High Mountain "Jiang Mu Xiang" Ginger Aroma Dan Cong

Tea type
Oolong Tea
Ingredients
Oolong Tea Leaves
Flavors
Apple, Apricot, Baked Bread, Butter, Dried Fruit, Flowers, Ginger, Grass, Mineral, Nutty, Orchid, Pear, Roasted, Vegetal, Wood, Almond, Cinnamon, Fruity, Green Pepper, Hibiscus, Lemon Zest, Red Apple, Spicy, Sweet
Sold in
Loose Leaf
Caffeine
Not available
Certification
Not available
Edit tea info Last updated by eastkyteaguy
Average preparation
190 °F / 87 °C 0 min, 15 sec 6 g 4 oz / 119 ml

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From Our Community

5 Tasting Notes View all

  • “Yay! This is my 150th tasting note! This review is for the spring 2018 harvest. As someone who loves both ginger and Dan Congs, I was curious to see if it would live up to its name. I steeped 6 g...” Read full tasting note
    87
  • “This is another of the teas I finished back in May. If I recall correctly, I finished it sometime close to the end of the month. It was a tea I had a bit of trepidation about trying. Ginger is not...” Read full tasting note
    65
  • “Lives up to its name. Thankfully Duck Shit Aroma does not. An excellent Dancong. I get ginger, elderflower and Szechuan peppercorns. I drank this with pan roasted quails with a sauce that was a...” Read full tasting note
  • “The aroma of this tea is incredible. It truly smells like warm, spicy, sweet gingerbread. 1st infusion 180˚F The flavour is lighter than the smell, but it is so good anyway. I am so consistently...” Read full tasting note
    90

From Yunnan Sourcing

“Jiang Mu Xiang” Dan Cong (Ginger Aroma) is a unique varietal of Dan Cong. It’s a naturally occuring hybrid of Feng Huang area Shui Xian that has been selected over a period of two centuries. Jiang Mu Xiang Dan Cong grows at around 1000 meters of altitude in the north of Feng Huang in a village called Tou She. The plants grow naturally, many reaching a height of 3 or even 4 meters!

The taste of “Jiang Mu Xiang” tea is incredibly complex and powerful, while still remaining well within the realm of refinement and elegance! There is sweetness, spiciness (much like raw ginger), floral notes (like Ginger Flower), bitterness and astringency. The tea is very thick and lubricating and easily goes 10+ infusions when brewed gong fu style. Tea soup is gold-orange, the brewed leaves still mostly green with some wilted brown (as is typical of traditional Dan Cong processing).

March 2016 harvest

Tou She Village, Feng Huang Town, Raoping County of Guangdong Province.

About Yunnan Sourcing View company

Company description not available.

5 Tasting Notes

87
165 tasting notes

Yay! This is my 150th tasting note! This review is for the spring 2018 harvest. As someone who loves both ginger and Dan Congs, I was curious to see if it would live up to its name. I steeped 6 g of leaf in a 120 ml teapot at 203F for 7, 10, 12, 16, 20, 25, 30, 40, 50, 60, 90, 120, and 240 seconds.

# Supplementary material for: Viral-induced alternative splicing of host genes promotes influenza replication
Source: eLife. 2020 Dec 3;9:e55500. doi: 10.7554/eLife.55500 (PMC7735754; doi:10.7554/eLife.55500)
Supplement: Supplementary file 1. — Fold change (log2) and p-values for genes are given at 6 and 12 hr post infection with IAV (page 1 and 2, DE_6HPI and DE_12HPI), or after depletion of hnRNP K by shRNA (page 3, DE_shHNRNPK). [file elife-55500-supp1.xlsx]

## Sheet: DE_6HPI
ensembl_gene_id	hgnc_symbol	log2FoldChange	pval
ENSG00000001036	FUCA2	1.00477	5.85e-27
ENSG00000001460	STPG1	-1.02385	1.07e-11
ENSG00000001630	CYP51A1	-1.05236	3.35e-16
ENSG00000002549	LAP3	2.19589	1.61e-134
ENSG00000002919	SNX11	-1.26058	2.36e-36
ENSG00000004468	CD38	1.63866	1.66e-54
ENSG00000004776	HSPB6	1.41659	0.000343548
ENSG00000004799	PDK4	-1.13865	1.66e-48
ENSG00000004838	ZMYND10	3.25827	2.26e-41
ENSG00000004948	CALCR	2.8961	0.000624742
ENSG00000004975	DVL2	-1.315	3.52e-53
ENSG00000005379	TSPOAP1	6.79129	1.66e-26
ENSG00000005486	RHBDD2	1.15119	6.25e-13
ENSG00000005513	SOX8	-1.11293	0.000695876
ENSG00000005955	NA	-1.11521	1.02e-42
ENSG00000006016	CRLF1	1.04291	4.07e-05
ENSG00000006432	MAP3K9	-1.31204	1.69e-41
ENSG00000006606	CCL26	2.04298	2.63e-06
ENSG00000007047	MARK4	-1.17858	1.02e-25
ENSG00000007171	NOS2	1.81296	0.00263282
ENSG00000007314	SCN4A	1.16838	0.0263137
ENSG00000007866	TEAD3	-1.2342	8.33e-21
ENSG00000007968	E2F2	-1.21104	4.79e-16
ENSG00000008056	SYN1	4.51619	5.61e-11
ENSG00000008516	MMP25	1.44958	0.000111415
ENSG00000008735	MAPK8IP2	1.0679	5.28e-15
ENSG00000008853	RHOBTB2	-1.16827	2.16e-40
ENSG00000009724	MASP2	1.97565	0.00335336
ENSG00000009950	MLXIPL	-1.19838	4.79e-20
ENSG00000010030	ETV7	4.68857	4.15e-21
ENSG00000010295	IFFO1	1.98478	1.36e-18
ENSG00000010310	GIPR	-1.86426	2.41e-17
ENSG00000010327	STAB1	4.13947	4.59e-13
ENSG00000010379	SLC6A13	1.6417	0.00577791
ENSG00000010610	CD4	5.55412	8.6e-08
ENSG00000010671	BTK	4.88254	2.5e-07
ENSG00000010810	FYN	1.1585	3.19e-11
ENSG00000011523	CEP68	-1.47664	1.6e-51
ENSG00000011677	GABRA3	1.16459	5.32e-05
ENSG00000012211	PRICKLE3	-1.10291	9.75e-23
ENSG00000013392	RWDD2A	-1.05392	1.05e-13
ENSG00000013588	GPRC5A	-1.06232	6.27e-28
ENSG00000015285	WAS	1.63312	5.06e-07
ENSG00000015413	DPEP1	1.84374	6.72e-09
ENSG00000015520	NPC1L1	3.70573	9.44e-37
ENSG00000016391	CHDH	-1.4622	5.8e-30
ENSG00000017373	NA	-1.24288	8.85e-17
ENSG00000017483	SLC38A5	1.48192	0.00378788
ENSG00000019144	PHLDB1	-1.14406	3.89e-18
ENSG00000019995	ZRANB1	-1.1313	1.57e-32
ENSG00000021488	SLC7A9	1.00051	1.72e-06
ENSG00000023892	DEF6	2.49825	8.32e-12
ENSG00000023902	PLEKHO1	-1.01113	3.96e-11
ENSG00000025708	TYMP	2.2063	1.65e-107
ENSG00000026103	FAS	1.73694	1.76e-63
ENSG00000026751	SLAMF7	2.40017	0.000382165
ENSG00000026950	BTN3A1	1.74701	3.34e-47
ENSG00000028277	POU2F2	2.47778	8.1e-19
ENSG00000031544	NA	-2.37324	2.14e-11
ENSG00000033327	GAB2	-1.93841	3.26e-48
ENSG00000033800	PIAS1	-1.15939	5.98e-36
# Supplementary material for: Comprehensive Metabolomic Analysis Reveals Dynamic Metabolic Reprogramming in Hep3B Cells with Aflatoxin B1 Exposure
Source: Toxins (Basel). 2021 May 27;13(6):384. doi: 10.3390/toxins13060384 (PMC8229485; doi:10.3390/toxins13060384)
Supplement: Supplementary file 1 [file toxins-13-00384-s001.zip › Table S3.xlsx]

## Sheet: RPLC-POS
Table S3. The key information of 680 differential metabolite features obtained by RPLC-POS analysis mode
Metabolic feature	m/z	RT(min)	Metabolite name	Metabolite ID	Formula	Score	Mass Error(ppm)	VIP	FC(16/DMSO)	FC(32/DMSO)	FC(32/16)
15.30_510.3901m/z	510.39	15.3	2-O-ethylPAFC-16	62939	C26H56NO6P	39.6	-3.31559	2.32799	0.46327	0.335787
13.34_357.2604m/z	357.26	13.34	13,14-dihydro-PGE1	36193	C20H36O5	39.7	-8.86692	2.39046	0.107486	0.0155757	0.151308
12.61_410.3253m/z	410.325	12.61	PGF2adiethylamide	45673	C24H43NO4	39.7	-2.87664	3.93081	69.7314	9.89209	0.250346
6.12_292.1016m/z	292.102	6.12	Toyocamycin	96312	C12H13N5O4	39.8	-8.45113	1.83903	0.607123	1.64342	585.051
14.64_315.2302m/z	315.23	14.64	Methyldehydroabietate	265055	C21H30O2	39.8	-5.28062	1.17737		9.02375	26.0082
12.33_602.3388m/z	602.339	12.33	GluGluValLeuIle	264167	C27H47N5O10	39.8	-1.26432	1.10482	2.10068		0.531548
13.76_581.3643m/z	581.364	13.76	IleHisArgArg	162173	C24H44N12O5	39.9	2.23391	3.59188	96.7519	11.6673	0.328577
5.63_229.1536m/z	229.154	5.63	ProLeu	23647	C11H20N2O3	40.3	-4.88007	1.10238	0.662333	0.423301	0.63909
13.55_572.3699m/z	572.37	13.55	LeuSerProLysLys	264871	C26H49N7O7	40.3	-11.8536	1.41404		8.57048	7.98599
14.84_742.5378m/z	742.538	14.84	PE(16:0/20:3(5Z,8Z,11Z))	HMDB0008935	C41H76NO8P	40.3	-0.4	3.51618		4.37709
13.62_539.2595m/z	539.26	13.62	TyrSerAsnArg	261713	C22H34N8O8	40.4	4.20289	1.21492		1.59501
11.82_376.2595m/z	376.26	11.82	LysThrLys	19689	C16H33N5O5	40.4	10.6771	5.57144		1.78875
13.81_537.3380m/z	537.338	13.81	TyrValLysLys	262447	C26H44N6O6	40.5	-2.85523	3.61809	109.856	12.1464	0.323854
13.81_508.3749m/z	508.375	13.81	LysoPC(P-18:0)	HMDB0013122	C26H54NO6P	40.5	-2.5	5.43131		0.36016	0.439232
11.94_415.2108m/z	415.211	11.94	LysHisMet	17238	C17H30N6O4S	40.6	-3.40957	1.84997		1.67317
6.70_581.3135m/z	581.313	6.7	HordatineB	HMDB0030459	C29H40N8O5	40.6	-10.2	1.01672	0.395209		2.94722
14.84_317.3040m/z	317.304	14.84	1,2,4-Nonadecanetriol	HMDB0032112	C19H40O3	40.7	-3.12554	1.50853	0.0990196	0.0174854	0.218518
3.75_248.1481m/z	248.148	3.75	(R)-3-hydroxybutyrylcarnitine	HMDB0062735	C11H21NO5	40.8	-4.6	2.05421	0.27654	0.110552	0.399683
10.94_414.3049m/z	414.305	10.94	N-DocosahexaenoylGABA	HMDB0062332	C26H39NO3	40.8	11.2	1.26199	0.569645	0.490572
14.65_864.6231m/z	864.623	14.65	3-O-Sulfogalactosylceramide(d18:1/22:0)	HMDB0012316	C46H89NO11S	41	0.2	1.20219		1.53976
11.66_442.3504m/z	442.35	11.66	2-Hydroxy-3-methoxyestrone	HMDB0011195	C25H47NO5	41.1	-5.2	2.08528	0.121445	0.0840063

Eastkyteaguy has captured this tea much better than I can. The dry aroma is promising, with ginger, apricot, sunflower seeds, and fruit leather. The aroma of the first steep is definitely ginger, combined with fruit, flowers, and sunflower seeds. The taste is of delicate ginger, butter, apricots, orchids and other flowers, sunflower seeds, and baked bread. All of the flavours are quite subtle. The second steep has more of the flavours Eastkyteaguy detected, including apple, pear, and pomegranate. It’s kind of like a fruity gingerbread, if that makes sense. The next couple steeps are more nutty and woody, though the ginger and fruit notes are still prominent. Grass, veggies, minerals, roast, and wood appear in later steeps, with orchids and ginger lingering in the aftertaste.

This is an intimidatingly complex Dan Cong whose nuances I’ve probably failed to appreciate. The flavour combination is fascinating, especially the realistic ginger note. It’s a lot less in-your-face than many Dan Congs, however, and requires careful attention.

P.S.: I’ve noticed that a few of the seals have separated from the walls of Yunnan Sourcing’s 25 g bags, making it impossible to close them. Has this happened to anyone else?

Flavors: Apple, Apricot, Baked Bread, Butter, Dried Fruit, Flowers, Ginger, Grass, Mineral, Nutty, Orchid, Pear, Roasted, Vegetal, Wood

Preparation
6 g 4 OZ / 120 ML
Martin Bednář

Congrats for 150!

Leafhopper

Thank you! :)

mrmopar

Roll on!

ashmanra

Congratulations!

Leafhopper

Thanks! I hope Steepster stays around long enough for me to catch up to you guys!

derk

Keep posting!

Leafhopper

Thanks! I’ve almost run through my stash of YS Dan Congs and decided not to get more this year, unless I can’t resist the Black Friday sale. I tend to post a lot of reviews at once and then spend time sipping down those teas.

Also, keep the posts coming yourself! :)

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65
843 tasting notes

This is another of the teas I finished back in May. If I recall correctly, I finished it sometime close to the end of the month. It was a tea I had a bit of trepidation about trying. Ginger is not one of my favorite things, and I had seen several other reviews of this tea that basically stated it was a subtle tea and may not be to everyone’s liking. I found that I shared those sentiments myself. Even though the ginger presence was thankfully not consistently overpowering throughout, this struck me as being mostly a very subtle, elegant tea not ideal for regular consumption.